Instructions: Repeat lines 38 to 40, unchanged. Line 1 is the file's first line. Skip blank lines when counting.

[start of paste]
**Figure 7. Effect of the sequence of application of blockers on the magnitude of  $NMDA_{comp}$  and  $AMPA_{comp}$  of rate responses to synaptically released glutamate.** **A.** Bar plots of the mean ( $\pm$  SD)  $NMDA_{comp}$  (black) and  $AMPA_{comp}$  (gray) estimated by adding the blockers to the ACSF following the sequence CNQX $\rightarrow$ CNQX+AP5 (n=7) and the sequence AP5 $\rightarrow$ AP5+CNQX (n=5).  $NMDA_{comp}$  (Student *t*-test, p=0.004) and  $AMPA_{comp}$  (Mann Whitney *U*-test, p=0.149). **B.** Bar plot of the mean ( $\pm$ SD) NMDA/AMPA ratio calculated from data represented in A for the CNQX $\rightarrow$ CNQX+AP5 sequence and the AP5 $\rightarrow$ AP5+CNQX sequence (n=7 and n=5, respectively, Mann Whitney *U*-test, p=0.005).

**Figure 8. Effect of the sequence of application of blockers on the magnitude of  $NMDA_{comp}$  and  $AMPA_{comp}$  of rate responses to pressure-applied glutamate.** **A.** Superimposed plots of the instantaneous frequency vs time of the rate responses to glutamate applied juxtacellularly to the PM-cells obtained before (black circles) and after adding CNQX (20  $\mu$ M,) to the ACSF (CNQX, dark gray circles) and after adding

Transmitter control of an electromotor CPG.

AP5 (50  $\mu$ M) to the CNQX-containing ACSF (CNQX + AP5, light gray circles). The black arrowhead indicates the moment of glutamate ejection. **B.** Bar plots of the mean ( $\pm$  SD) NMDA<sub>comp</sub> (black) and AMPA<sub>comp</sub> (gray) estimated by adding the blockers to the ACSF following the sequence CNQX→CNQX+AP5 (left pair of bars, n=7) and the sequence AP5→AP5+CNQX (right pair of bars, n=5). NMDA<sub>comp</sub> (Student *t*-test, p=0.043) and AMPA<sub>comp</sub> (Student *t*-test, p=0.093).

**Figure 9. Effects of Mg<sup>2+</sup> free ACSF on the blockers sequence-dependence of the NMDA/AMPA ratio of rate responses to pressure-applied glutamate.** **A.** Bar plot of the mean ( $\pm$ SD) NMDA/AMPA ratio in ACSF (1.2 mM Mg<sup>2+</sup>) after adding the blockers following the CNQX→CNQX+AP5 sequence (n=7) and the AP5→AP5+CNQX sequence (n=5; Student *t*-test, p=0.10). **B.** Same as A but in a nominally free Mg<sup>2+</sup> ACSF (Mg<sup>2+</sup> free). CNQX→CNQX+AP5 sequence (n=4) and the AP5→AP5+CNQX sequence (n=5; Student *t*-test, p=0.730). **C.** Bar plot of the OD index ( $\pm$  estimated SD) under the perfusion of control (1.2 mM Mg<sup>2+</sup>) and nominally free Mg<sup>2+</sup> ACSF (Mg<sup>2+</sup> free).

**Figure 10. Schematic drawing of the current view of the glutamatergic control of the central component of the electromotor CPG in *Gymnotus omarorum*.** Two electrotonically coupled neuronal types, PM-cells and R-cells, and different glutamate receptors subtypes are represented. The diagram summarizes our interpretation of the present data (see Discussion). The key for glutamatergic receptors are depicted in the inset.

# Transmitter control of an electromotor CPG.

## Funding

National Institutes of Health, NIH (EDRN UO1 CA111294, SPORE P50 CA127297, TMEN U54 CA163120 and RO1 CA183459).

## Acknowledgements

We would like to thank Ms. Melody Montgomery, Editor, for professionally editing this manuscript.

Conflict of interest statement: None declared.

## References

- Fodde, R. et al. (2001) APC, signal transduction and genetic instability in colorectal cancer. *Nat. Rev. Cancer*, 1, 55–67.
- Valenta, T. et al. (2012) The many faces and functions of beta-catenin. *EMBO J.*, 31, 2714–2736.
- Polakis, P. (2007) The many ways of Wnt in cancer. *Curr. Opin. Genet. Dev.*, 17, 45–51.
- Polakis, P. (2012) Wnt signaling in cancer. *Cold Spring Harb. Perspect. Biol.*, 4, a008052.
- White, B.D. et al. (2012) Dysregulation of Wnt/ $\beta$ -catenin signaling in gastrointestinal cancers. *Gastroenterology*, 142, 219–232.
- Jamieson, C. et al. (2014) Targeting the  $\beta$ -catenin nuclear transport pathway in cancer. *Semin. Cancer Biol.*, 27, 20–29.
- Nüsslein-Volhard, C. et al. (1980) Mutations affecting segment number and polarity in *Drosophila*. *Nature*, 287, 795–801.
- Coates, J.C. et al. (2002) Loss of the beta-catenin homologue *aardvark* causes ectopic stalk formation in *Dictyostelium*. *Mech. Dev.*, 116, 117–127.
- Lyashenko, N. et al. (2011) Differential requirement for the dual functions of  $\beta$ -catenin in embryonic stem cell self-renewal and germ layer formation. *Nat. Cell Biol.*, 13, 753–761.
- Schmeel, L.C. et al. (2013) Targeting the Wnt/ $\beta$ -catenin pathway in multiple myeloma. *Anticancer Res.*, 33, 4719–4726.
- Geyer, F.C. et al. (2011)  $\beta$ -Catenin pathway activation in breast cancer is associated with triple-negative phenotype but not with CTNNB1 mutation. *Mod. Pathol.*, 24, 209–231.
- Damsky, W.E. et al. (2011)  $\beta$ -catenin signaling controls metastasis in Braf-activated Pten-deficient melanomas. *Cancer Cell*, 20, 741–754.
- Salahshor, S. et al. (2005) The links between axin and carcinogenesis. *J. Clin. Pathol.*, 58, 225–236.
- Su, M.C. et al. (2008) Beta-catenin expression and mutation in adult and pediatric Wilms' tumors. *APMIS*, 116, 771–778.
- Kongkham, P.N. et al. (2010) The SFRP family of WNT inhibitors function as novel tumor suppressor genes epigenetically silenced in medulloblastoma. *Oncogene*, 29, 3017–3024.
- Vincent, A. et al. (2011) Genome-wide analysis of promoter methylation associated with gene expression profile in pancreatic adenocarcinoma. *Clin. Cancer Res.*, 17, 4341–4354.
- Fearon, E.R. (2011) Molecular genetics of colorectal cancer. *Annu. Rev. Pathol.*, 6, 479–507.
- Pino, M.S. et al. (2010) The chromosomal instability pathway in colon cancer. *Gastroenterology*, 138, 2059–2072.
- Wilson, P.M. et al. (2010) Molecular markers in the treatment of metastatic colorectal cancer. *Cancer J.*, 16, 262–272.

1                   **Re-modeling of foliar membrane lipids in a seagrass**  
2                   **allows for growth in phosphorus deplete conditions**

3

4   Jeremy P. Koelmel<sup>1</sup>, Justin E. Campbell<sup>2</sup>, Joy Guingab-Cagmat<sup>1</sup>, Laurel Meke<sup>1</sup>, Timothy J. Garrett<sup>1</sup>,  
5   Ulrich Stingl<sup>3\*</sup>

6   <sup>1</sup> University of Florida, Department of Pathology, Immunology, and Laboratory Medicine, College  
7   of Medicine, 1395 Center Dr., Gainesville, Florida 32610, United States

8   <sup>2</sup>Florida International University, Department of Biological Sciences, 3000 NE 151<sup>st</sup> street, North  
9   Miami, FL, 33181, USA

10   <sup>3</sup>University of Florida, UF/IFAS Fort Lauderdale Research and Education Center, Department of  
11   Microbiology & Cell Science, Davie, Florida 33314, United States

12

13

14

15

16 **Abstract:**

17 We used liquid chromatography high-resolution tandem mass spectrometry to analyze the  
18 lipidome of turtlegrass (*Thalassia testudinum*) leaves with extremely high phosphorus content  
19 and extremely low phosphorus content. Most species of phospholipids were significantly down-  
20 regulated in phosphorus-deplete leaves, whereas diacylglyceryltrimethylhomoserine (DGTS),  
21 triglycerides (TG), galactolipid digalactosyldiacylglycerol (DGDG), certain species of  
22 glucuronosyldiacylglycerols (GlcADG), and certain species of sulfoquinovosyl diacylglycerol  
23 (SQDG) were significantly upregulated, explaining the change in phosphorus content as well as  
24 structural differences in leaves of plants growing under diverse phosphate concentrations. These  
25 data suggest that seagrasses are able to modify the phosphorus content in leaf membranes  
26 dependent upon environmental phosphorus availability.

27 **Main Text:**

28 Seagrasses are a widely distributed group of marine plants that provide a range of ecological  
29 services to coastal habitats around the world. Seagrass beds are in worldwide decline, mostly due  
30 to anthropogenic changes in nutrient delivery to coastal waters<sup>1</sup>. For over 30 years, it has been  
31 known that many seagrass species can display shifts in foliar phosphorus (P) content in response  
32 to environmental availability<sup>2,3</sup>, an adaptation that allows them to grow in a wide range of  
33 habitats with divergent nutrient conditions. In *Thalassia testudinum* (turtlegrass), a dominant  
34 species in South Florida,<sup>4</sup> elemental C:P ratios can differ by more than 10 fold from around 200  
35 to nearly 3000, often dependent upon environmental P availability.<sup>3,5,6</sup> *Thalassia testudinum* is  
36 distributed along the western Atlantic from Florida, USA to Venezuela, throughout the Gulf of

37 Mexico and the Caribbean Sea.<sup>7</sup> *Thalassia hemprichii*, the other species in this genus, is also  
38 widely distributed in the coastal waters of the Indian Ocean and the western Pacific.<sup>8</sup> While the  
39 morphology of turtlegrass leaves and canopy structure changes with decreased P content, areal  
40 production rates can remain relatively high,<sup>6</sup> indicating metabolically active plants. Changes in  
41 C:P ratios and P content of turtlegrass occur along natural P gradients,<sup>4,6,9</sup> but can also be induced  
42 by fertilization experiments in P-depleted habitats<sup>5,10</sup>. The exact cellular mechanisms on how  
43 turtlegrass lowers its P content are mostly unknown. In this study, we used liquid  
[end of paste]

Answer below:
6   <sup>1</sup> University of Florida, Department of Pathology, Immunology, and Laboratory Medicine, College  
7   of Medicine, 1395 Center Dr., Gainesville, Florida 32610, United States

8   <sup>2</sup>Florida International University, Department of Biological Sciences, 3000 NE 151<sup>st</sup> street, North  